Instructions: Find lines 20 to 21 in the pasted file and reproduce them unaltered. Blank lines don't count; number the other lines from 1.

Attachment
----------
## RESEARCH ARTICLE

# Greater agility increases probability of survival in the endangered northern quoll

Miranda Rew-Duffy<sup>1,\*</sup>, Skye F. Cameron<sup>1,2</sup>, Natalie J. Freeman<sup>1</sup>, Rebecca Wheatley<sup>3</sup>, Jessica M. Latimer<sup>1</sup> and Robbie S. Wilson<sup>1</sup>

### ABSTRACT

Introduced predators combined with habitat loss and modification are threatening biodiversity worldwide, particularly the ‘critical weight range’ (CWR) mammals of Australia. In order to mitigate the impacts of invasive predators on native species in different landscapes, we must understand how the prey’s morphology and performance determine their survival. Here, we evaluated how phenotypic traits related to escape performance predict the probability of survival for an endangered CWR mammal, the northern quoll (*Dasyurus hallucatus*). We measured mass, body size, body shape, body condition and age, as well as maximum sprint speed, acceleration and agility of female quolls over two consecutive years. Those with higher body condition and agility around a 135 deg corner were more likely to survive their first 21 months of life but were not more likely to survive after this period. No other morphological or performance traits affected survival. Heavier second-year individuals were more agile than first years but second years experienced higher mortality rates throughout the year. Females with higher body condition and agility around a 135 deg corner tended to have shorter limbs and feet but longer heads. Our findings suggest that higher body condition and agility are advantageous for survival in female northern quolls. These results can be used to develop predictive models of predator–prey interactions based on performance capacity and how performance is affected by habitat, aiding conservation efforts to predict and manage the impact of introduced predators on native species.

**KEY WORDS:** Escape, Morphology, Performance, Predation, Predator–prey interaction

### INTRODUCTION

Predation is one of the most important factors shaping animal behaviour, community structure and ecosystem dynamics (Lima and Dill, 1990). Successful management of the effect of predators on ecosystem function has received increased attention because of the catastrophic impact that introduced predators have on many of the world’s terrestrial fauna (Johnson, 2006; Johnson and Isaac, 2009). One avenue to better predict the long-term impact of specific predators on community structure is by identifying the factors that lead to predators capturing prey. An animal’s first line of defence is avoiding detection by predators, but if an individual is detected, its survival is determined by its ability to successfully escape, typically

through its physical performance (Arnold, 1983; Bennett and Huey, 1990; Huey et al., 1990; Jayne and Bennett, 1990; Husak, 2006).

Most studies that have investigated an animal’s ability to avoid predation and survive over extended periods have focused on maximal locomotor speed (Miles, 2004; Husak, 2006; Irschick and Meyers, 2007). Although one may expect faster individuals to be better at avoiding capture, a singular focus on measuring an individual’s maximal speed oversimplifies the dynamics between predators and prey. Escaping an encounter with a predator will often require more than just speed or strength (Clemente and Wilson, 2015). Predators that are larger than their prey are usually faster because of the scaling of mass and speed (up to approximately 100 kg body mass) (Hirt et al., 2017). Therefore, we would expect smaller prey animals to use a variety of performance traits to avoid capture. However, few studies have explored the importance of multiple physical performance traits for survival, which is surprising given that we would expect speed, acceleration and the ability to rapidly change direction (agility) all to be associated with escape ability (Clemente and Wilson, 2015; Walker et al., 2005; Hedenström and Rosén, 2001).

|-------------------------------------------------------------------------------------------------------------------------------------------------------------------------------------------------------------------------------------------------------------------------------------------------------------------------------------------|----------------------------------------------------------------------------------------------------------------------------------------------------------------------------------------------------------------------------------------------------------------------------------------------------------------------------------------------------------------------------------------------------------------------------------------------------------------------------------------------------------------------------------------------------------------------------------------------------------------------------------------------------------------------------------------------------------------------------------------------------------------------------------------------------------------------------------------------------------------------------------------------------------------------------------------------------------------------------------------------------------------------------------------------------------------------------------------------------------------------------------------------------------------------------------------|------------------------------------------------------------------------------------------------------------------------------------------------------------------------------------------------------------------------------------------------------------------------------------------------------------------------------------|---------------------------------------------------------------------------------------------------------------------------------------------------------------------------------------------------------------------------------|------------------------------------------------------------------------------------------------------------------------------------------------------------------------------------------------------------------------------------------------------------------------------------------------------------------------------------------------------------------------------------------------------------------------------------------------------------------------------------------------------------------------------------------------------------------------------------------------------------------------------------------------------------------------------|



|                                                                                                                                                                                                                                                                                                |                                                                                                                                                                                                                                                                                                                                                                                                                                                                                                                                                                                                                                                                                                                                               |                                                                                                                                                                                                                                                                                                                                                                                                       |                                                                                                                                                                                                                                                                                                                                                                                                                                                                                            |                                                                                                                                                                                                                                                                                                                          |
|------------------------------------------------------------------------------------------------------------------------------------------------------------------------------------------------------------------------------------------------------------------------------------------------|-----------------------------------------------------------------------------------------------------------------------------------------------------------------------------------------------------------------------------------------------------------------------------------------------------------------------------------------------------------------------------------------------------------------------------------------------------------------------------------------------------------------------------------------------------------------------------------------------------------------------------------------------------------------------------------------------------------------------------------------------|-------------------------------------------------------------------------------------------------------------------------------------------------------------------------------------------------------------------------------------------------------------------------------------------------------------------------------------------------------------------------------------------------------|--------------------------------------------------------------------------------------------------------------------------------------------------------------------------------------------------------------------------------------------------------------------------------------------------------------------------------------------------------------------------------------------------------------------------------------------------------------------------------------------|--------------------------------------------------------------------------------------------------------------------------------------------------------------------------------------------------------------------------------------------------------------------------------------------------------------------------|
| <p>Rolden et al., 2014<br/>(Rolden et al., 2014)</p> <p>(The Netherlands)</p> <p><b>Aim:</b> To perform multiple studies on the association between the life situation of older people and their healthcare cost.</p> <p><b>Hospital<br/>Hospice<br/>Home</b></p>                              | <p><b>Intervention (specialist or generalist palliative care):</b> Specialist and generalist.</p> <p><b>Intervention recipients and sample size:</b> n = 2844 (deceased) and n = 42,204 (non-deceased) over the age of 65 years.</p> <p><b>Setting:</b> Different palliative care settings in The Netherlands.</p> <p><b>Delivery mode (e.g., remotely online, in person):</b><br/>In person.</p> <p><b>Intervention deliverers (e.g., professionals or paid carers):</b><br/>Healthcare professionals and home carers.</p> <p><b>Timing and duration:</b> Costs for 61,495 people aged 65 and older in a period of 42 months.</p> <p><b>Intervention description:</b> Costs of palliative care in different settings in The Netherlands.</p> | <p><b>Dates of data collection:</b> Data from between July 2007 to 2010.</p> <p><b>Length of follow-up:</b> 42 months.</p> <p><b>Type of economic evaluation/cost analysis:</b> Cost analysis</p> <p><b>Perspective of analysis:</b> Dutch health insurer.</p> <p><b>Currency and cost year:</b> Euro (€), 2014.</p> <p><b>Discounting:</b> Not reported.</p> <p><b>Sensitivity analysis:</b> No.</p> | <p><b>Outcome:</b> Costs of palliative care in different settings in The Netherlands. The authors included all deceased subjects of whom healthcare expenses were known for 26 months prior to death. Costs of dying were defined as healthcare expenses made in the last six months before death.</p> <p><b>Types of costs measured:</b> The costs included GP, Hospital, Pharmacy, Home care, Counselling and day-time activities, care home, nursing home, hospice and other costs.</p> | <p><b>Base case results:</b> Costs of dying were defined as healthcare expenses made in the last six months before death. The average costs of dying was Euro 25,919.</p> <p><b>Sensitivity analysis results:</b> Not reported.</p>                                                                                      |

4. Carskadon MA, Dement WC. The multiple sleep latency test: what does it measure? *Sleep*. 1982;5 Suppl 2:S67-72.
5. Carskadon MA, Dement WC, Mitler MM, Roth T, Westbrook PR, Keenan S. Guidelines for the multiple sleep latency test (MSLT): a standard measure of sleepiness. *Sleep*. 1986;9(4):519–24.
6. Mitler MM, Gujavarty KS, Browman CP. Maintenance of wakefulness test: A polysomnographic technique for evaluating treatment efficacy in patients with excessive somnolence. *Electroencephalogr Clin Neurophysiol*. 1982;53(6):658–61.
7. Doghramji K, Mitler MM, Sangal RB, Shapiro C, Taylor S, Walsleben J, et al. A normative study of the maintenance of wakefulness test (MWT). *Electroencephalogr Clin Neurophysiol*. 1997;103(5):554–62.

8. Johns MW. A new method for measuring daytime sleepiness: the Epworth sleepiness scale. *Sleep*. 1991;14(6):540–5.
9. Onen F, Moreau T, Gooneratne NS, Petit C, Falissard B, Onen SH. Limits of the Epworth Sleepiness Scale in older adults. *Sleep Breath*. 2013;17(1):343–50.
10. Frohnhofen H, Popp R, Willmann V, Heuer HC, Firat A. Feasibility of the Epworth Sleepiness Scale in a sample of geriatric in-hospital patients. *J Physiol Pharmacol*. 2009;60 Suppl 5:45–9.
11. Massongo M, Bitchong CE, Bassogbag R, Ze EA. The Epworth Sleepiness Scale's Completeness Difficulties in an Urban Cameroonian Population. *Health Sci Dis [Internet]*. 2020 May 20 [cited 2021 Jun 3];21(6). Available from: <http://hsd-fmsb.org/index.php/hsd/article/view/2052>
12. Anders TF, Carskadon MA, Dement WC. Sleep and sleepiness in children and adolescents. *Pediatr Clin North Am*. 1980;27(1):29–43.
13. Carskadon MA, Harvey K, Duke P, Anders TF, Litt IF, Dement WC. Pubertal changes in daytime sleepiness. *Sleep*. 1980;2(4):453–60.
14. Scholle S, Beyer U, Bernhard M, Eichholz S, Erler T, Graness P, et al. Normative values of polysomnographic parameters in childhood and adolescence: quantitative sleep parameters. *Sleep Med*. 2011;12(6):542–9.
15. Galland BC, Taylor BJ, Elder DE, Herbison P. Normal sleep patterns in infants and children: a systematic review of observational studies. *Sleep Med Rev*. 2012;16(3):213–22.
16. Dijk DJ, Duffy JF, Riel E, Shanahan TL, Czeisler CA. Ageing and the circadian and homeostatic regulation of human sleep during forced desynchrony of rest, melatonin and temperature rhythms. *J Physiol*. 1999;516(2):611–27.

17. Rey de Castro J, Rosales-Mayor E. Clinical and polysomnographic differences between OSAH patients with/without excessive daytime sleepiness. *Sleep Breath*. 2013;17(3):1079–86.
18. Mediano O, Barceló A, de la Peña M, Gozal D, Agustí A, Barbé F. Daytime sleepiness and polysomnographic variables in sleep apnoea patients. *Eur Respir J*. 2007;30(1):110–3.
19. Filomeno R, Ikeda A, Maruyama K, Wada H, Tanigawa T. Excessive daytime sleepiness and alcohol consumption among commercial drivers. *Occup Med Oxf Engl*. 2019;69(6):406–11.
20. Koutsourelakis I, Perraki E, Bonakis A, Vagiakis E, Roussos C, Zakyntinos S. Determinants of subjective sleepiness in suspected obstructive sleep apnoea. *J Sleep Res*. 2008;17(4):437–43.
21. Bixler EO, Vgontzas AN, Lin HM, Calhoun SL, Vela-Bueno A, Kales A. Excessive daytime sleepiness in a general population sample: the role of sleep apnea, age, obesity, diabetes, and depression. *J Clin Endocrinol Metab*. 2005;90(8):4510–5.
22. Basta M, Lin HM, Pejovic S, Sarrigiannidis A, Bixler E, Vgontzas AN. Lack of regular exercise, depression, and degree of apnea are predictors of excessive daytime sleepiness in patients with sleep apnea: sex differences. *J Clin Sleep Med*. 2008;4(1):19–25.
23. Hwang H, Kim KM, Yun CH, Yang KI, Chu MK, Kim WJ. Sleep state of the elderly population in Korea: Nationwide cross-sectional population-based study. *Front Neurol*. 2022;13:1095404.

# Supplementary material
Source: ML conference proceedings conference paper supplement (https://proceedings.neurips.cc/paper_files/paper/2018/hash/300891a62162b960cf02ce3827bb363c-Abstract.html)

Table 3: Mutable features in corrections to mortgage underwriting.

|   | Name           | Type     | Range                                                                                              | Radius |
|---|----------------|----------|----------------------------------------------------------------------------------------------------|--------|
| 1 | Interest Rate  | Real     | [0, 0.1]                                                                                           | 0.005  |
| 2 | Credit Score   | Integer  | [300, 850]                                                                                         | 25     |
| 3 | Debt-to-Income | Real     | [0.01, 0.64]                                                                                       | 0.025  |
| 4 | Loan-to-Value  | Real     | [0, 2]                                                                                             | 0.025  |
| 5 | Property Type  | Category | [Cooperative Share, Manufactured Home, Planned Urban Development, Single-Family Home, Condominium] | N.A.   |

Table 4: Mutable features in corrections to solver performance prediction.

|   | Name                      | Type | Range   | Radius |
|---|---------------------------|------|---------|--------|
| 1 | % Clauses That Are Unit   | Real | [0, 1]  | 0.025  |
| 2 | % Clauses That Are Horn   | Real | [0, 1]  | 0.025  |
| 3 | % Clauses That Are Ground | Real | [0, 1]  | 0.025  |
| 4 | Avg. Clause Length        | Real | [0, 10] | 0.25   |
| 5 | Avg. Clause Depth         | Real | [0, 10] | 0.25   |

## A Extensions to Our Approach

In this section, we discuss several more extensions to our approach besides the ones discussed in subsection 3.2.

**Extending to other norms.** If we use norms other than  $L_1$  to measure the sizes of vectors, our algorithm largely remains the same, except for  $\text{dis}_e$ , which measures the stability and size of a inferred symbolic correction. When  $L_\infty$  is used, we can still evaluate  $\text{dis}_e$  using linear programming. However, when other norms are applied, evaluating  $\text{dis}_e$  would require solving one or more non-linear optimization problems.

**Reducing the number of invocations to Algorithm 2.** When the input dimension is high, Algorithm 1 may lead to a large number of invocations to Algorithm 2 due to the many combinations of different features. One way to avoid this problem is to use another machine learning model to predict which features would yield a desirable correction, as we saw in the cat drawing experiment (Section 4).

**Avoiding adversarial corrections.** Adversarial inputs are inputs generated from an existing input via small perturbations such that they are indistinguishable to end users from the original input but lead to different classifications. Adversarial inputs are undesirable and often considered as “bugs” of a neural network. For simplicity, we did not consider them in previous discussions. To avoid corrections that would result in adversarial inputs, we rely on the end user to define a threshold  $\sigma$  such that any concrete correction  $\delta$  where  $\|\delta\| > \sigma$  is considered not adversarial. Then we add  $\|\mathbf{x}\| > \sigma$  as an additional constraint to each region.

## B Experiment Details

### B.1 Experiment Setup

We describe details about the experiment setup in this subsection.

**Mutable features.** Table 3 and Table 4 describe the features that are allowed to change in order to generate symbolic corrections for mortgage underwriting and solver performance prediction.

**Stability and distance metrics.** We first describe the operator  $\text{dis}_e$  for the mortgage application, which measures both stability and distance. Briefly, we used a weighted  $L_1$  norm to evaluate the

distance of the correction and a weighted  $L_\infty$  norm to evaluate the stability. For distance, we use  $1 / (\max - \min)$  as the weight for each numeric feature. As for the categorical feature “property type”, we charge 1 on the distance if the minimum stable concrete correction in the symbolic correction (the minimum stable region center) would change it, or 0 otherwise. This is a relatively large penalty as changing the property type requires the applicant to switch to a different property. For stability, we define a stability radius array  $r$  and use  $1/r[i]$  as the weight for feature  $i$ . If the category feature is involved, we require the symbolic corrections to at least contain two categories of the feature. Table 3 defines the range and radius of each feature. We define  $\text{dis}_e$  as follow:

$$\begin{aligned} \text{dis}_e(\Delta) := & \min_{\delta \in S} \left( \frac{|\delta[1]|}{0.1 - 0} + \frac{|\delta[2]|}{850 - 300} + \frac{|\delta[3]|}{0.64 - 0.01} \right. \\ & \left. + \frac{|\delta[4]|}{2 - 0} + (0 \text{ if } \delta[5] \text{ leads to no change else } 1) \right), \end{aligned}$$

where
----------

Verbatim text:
9. Onen F, Moreau T, Gooneratne NS, Petit C, Falissard B, Onen SH. Limits of the Epworth Sleepiness Scale in older adults. *Sleep Breath*. 2013;17(1):343–50.
10. Frohnhofen H, Popp R, Willmann V, Heuer HC, Firat A. Feasibility of the Epworth Sleepiness Scale in a sample of geriatric in-hospital patients. *J Physiol Pharmacol*. 2009;60 Suppl 5:45–9.